Obama Turns His Wrath on GOP Senate Hopefuls
CNN/Stylemagazine.com Newswire | 10/24/2016, 7:32 a.m.
By Kevin Liptak
CNN White House Producer
LAS VEGAS (CNN) -- His deep disdain for Donald Trump now long established, President Barack Obama is turning his arrows on Republican lawmakers stuck with the GOP nominee, landing Air Force One on their turf and unleashing a torrent of insults.
He ripped Ohio Sen. Rob Portman in Columbus last week as a too-little-too-late political opportunist for disavowing Trump only after the presidential nominee boasted about sexual assault. He lashed Florida Sen. Marco Rubio in Miami as a weak-minded hypocrite who once ran against Trump but now worries about alienating his backers.
And on Sunday in Las Vegas, he declared GOP Rep. Joe Heck, running to replace retiring Senate Minority Leader Harry Reid, a closet Trump supporter, even as he's disavowed the candidate.
"How does that work?" Obama said with disdain during a raucous campaign rally here. "You're for him, but you're not for him. You're kind of for him. What the heck?"
"That's not leadership. That's cynical," Obama said. "That means you'll say anything and so anything just to get elected."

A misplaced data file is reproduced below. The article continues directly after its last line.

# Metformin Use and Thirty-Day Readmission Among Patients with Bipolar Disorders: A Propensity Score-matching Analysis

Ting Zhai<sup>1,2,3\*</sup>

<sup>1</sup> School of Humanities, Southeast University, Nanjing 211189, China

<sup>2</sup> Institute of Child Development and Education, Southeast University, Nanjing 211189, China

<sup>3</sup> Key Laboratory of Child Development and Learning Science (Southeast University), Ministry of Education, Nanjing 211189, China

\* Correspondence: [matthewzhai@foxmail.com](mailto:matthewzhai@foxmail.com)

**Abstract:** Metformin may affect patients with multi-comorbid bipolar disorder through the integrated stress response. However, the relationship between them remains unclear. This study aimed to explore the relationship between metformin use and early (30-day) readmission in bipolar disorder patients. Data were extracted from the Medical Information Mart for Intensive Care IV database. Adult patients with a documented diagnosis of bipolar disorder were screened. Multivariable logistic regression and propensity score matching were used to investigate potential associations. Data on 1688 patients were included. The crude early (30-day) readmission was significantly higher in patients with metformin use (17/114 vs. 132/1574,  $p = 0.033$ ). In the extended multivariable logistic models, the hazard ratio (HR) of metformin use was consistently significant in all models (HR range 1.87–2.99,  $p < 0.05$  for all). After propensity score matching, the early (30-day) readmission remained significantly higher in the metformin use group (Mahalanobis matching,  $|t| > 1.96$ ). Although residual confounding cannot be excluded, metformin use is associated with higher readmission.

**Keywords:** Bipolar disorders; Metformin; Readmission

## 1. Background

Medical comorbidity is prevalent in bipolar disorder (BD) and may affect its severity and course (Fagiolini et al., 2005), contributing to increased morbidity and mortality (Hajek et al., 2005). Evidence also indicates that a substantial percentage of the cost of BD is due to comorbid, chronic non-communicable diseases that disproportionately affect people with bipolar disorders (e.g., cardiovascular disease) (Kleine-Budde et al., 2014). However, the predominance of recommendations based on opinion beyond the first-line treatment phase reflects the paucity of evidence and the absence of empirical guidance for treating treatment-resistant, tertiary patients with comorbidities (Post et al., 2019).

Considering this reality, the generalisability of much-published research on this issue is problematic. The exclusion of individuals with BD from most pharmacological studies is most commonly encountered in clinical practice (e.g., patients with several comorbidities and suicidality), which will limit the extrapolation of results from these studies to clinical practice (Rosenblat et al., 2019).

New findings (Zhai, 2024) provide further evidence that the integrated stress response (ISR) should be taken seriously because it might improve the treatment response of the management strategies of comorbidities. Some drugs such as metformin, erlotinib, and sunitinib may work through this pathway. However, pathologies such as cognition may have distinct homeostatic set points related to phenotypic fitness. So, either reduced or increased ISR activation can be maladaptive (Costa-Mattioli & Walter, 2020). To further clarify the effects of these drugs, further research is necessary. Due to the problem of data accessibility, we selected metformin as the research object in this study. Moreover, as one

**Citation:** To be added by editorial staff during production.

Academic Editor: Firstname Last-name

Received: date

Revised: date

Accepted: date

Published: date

During his half-hour stump speech, Obama lambasted Trump for carrying out a "bromance" with Russian President Vladimir Putin and for suggesting the upcoming vote is rigged in favor of Democratic nominee Hillary Clinton.
"That means he's losing," Obama said on Trump's claims about the validity of the election. "It means you don't have what it takes to do this job."
Polls in Nevada show a close race, though Clinton has emerged with a narrow edge in the last several weeks. A Monmouth University survey released just before last week's debate showed the Democratic nominee at 47% support among likely voters, compared to 40% for Trump. That was a reversal from a month ago, when Trump stood at 44% and Clinton at 42%.
The state's Senate race, held to replace Reid, appears tighter. Heck stands at 45% in the Monmouth survey of likely voters, while his Democratic rival Catherine Cortez Masto, a former attorney general, is at 42%.
In his remarks Sunday, Obama reserved his harshest criticism for the GOP Senate candidate, who initially backed Trump enthusiastically but withdrew his support following tape of Trump making the sexually aggressive remarks. Obama said that kind of political reversal doesn't stand scrutiny.
"Now, when suddenly it's not working, and people are saying this guy's kind of out of line, all of a sudden these Republican politicians who were OK with this up to a point, are saying this was too much, suddenly that's a deal-breaker," Obama said. "Well what took you so long?"
"What the heck took you so long?" Obama said again with emphasis -- one of several times he deployed the candidate's surname as an attack.
And he went after a new Republican tactic, suggesting GOP lawmakers should be elected to act as a check to Clinton's power should she win. An ad in New Hampshire this week backing incumbent Republican Sen. Kelly Ayotte utilized the argument, but Obama said the senators' records should stand for themselves.